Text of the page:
I was speaking with an aspiring restauranteur who told me he wanted to eventually have more employees so that he could manage people and he didn’t have to work in the day-to-day of the business like the previous owner. I hear those words frequently from new entrepreneurs: “I want to have more employees”. But what I hear from seasoned business owners is, “I need more employees.” There’s a huge difference between want and need.
Owners who have run their businesses for any length of time understand this because of experience. More employees are harder to manage. More employees require more revenue and sustained profitability. More employees require more systems to manage performance, more training. More employees changes organizational dynamics and mixing personalities in larger groups can be harder than a small tight-knit group.
Inexperienced entrepreneurs get caught up in their status in the business – I’m the owner. I have people I manage. That can cause them to take their eyes off the purpose of the business.
Peter Drucker said, “the single most important thing to remember about any enterprise is that results exist only on the outside. The result of a business is a satisfied customer. The result of a hospital is a healed patient. The result of a school is a student who has learned something and puts it to work ten years later. Inside an enterprise, there are only costs.”
Employees are cost. If an organization can achieve as much or more results with fewer employees, then it probably should. Public companies are measured by their ability to create a return on the stuff they have – assets, employees, etc. Fewer employees creating more results is a good thing!
Drucker also said, “Profit is not the explanation, cause, or rationale of business behavior and business decisions, but rather the test of their validity.”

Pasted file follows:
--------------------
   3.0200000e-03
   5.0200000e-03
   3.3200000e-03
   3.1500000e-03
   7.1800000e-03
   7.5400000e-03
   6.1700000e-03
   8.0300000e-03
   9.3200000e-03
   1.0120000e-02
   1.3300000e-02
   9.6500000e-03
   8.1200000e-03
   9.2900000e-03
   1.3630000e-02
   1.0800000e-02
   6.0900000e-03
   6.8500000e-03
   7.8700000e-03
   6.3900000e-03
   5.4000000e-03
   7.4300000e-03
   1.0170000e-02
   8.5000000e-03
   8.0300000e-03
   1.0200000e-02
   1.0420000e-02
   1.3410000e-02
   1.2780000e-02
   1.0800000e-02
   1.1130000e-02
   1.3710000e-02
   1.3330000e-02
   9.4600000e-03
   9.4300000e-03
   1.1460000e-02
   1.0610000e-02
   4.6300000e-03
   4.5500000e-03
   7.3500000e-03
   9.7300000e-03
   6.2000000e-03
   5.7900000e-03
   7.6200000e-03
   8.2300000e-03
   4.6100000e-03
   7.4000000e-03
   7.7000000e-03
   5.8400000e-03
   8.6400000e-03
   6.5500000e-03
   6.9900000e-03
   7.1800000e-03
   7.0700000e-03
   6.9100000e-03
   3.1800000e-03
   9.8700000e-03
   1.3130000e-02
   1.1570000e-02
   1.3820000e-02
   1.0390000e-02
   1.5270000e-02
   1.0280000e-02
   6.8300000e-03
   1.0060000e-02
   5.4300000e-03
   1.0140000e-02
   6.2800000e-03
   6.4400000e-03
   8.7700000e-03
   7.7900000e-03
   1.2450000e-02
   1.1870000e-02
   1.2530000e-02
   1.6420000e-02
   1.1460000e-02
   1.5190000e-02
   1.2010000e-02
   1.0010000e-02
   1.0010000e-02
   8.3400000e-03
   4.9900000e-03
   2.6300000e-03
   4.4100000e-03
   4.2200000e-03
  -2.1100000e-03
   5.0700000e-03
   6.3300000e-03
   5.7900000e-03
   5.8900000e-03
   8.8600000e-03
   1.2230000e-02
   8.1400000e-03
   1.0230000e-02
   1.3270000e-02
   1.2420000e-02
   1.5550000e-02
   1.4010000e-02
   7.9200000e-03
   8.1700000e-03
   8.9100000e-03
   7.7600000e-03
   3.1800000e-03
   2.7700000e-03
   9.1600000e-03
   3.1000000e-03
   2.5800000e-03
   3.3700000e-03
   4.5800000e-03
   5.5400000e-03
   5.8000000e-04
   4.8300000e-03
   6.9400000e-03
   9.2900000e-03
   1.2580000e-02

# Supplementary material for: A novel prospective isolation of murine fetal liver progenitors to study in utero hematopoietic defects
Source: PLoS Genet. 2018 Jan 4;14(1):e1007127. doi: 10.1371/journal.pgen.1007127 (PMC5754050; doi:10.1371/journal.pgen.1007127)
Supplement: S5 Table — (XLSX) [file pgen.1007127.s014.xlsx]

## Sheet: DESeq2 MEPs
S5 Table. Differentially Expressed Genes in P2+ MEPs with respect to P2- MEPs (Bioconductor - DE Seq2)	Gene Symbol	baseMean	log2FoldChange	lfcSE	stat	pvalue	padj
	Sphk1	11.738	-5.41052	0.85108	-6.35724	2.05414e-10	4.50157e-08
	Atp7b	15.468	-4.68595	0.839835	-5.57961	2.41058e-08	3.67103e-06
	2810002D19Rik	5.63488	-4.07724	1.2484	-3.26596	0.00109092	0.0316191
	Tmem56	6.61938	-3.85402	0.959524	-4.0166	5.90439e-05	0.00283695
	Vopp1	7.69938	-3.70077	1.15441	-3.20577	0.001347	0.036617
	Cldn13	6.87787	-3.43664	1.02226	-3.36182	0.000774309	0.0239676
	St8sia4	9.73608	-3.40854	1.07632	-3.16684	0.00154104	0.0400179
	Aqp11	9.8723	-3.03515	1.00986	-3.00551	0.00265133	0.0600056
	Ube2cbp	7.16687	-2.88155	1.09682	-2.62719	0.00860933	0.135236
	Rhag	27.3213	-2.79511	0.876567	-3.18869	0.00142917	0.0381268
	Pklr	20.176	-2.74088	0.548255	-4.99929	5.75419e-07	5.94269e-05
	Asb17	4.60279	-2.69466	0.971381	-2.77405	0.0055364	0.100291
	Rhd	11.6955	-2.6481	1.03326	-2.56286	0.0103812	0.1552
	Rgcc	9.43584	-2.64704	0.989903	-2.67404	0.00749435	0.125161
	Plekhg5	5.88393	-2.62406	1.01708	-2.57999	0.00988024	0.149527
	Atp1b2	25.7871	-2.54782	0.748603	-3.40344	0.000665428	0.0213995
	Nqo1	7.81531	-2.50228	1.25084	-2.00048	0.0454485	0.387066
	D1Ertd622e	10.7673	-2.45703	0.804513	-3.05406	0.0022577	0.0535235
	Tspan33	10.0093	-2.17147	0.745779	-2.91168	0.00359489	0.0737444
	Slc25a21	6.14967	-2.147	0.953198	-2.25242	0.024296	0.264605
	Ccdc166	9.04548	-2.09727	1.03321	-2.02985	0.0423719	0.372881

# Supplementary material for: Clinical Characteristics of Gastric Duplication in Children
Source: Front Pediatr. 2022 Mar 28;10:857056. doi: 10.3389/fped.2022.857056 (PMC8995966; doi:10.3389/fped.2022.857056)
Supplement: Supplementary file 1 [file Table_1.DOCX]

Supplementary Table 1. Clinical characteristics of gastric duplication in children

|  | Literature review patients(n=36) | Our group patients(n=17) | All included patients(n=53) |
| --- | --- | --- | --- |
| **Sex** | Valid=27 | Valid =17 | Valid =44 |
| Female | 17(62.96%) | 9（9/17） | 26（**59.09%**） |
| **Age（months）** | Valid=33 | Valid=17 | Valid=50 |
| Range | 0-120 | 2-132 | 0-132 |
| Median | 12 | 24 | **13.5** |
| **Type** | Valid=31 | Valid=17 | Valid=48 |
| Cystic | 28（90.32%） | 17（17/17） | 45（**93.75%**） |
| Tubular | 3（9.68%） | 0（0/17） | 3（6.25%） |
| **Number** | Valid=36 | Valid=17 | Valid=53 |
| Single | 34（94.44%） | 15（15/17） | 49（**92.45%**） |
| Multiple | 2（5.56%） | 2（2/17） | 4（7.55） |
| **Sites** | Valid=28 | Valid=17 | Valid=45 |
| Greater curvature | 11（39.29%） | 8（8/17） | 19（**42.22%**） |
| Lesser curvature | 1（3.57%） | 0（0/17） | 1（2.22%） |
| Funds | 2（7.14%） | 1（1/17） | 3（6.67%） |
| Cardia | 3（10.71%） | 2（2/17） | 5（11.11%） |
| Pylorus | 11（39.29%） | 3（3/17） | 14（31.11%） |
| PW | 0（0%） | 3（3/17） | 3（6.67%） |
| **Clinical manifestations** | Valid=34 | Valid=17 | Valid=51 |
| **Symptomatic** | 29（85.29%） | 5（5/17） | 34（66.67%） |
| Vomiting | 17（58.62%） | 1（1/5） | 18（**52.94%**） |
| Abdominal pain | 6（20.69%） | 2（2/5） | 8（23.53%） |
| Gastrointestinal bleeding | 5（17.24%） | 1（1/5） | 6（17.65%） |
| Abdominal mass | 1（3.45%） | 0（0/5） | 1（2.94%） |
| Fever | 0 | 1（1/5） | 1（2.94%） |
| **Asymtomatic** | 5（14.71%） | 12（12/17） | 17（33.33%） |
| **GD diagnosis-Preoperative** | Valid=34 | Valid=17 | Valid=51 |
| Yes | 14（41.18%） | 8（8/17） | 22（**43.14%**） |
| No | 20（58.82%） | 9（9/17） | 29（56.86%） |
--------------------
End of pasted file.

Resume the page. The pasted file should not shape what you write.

A business should expand when doing so enables the organization to create more value for the customer. The test of whether expansion or contraction is the “right thing”, then, is increased profitability.
When should a small business expand? When the cost of expansion (people and stuff) will result in increased profitability.
Thinker is going through a significant expansion. Since the beginning of 2017, we’ve added someone to head business development outside of our core market, a project manager and another to launch a new service, creating automated audio and visual systems for boardrooms, conference rooms, restaurants and presentation rooms. Thinker also moved into a new space, one that is nearly three times as large as the last one.
The two happened opportunistically near the same time. A new space became available that met our criteria. We waited about two years looking at spaces as they became available. Our new space increases our capabilities following our market plan, helps us with operations as it leads to additional space for people, is in a more visible location, and matches our brand and aesthetic.
Our expansion of people is based on need. It follows the organizational chart that leads us to better management of our pipeline and opportunities. Ultimately it leads to increased efficiency, revenues, and profitability.